An essay that looks back at the past five years at Handshake 302, “Figuring Post-worker Shenzhen” has been published in Made in China (vol. 3, issue 1, Jan-Mar 2018). In happy coincidence, one of the contributors to Learning from Shenzhen, Eric Florence also discusses representations of migrant labor in this volume (“Rural Migrant Workers in Independent Films: Representations of Everyday Agency,” pp 96-103). The journal is hosted at the website, Chinoiresie.info.
Friday, April 20, 2018, Handshake 302 had the privilege of hosting Wu Xiaoya’s (吴晓雅) sharing about her recently published book, Baishizhou: Shenzhen’s Center and Periphery (白石洲：深圳的中心与边缘。深圳报业集团出版社，2018). Roughly twenty people squeezed into the backroom at Banxian Coffee House, which graciously offered its space for the two-hour event. Of note? The audience comprised a representative sample of the young intellectuals interested in Shenzhen’s urban villages, including recent college graduates who currently live in urban villages, graduate and doctoral students from Shenzhen University, and several second generation Shenzheners who are active in the city’s 公益 scene. We gathered not only to discuss Baishizhou specifically, but also the so-called “urban village phenomenon.” Continue reading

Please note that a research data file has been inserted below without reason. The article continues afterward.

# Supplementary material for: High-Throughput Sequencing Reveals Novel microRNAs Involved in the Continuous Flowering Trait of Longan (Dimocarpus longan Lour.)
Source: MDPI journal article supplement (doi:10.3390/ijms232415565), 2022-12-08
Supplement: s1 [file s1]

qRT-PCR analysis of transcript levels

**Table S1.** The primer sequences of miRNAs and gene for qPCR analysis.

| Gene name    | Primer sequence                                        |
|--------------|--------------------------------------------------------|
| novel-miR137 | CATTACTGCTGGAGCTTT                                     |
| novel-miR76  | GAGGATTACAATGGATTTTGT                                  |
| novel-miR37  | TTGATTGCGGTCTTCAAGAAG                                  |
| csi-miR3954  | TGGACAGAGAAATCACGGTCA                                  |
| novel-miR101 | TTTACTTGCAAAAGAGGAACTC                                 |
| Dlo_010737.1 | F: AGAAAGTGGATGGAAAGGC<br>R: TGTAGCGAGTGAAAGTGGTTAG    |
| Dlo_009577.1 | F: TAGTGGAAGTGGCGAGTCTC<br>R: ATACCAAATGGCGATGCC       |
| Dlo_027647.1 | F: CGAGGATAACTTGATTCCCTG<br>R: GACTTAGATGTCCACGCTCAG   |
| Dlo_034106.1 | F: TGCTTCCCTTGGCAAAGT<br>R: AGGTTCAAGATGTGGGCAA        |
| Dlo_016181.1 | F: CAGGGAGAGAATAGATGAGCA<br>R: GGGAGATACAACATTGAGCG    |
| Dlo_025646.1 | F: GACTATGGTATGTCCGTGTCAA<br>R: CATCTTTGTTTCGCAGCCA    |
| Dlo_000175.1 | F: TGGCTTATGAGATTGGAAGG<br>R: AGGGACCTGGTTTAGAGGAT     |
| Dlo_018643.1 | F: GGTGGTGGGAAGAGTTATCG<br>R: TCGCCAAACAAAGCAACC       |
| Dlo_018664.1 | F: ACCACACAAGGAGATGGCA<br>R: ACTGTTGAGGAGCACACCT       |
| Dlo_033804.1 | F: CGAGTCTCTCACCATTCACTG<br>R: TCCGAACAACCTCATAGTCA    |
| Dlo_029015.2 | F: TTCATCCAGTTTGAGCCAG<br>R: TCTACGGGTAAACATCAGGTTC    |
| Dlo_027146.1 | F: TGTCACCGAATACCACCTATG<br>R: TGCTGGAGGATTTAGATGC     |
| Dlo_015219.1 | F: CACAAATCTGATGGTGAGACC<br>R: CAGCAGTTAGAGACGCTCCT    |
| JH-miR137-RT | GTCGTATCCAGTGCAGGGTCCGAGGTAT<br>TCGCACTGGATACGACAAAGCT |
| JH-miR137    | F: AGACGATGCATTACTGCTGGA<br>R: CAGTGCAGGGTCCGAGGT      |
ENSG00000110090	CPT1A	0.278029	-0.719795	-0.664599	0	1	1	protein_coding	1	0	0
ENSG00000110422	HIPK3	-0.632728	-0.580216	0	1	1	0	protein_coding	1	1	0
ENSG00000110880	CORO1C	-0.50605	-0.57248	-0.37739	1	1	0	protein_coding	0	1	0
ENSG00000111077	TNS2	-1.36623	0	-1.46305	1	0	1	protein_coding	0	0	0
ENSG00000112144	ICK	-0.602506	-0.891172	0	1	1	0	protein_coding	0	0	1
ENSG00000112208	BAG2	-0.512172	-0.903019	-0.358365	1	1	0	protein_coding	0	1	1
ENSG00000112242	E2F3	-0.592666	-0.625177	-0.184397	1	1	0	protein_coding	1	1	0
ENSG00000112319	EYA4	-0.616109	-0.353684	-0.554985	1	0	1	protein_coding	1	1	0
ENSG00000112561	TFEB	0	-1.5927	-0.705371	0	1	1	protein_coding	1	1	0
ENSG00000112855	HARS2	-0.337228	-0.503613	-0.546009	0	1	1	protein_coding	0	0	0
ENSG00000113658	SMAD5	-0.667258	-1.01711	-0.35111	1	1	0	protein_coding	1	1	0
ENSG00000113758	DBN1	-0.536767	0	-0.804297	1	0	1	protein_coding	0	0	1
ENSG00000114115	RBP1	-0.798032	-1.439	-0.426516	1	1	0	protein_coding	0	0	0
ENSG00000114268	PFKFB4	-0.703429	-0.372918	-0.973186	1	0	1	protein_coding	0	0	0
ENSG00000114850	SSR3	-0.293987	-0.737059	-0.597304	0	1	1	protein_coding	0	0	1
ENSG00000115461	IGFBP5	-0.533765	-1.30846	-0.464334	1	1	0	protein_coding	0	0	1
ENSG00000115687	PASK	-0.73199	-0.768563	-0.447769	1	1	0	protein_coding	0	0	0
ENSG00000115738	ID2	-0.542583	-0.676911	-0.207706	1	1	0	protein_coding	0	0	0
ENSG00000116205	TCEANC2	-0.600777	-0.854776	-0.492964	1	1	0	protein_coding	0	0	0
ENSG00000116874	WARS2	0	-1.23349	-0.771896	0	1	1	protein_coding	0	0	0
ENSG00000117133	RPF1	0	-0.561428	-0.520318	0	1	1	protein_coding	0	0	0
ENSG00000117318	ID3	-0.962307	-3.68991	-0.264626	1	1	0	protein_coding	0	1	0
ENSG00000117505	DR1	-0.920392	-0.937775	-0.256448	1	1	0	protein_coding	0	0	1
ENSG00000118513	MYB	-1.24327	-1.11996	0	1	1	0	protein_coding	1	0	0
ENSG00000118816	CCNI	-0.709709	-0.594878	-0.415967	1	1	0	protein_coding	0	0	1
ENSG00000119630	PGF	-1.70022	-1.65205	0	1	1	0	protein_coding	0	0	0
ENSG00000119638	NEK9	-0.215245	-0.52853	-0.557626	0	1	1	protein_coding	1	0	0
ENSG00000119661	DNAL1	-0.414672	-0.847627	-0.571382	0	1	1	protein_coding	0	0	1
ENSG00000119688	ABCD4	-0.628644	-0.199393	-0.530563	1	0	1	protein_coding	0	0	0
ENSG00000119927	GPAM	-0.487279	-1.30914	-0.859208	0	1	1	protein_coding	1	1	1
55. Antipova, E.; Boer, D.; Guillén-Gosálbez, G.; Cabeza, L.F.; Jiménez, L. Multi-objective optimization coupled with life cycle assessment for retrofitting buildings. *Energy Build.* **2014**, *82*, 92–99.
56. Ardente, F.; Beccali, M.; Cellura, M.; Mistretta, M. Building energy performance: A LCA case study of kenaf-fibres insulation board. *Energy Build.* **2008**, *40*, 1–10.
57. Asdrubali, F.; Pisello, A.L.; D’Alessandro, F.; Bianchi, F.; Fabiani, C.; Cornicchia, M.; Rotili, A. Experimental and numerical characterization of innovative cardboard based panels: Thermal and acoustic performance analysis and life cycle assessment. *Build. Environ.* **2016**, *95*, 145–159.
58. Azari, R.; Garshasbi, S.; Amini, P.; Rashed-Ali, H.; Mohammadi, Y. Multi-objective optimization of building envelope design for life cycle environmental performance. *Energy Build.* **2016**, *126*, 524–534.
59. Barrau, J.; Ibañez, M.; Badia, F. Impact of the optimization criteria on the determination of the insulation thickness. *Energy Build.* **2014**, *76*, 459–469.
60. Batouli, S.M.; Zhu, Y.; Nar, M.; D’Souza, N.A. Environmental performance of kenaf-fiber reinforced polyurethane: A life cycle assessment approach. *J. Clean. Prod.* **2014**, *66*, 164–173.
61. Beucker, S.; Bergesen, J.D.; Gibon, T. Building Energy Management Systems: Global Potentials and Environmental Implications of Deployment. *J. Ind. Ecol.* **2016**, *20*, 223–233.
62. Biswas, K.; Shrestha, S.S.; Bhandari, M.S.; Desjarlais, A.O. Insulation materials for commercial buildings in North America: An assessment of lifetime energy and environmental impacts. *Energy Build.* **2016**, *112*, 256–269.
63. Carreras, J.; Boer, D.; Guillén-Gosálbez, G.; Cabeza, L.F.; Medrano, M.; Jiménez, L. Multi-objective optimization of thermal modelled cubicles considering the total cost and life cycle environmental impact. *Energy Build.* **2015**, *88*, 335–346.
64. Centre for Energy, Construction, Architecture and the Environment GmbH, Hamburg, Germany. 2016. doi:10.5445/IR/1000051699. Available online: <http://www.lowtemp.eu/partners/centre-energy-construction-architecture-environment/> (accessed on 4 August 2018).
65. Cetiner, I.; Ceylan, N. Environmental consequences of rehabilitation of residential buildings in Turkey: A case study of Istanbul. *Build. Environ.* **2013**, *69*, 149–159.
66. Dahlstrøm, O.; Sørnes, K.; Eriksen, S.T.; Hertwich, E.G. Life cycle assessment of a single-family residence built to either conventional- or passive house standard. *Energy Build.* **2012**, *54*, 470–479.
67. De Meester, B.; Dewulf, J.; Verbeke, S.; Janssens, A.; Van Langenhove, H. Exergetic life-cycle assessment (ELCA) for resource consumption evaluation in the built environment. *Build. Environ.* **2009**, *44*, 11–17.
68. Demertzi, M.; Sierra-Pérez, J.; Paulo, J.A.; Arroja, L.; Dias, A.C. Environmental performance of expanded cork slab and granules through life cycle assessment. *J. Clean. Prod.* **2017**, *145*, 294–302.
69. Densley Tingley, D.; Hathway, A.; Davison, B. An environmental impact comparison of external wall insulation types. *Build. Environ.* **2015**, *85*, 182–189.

During the month of January 2018, MIIA AUTIO is the artist-in-residence at Handshake 302. Based in Helsinki, Finland, Miia is a photographer and lens-based media artist who is interested in presenting societal issues in a way that knowledge and understanding is born through the interaction between the viewer and the work. In her works she deals with the themes of identity, foreignness and viewership. Continue reading
Just finished reading Ting Chen’s A State beyond the State: Shenzhen and the Transformation of Urban China, which maps how land was assigned and developed over the course of 35 years of development in Shenzhen. One of my favorite sections in the book tracks the transformation of Shahe State Farm, pre-1979 Bao’an County’s only danwei into Baishizhou, the city’s most iconic urban village. Indeed, Chen’s meticulous maps suggest how the area has mediated rural-urban conditions since 1959, when the farm was established. Continue reading
Established in 2007, Shenzhen’s Ya Ya Theatre is an amateur troupe that specializes in playback theatre, a form of improv in which audience members tell stories from their lives and watch players enact the story. Ya Ya meets once a week to rehearse and have occasional performances in diverse venues, including Shenzhen’s indie bookstore Feidi (飞地书局), the Yuehai Community Culture Station, and Shenzhen’s Fringe Festival. On Saturday September 23, they brought their program “One Person, One Story” to Handshake 302. What follows are impressions and clips from that program. Continue reading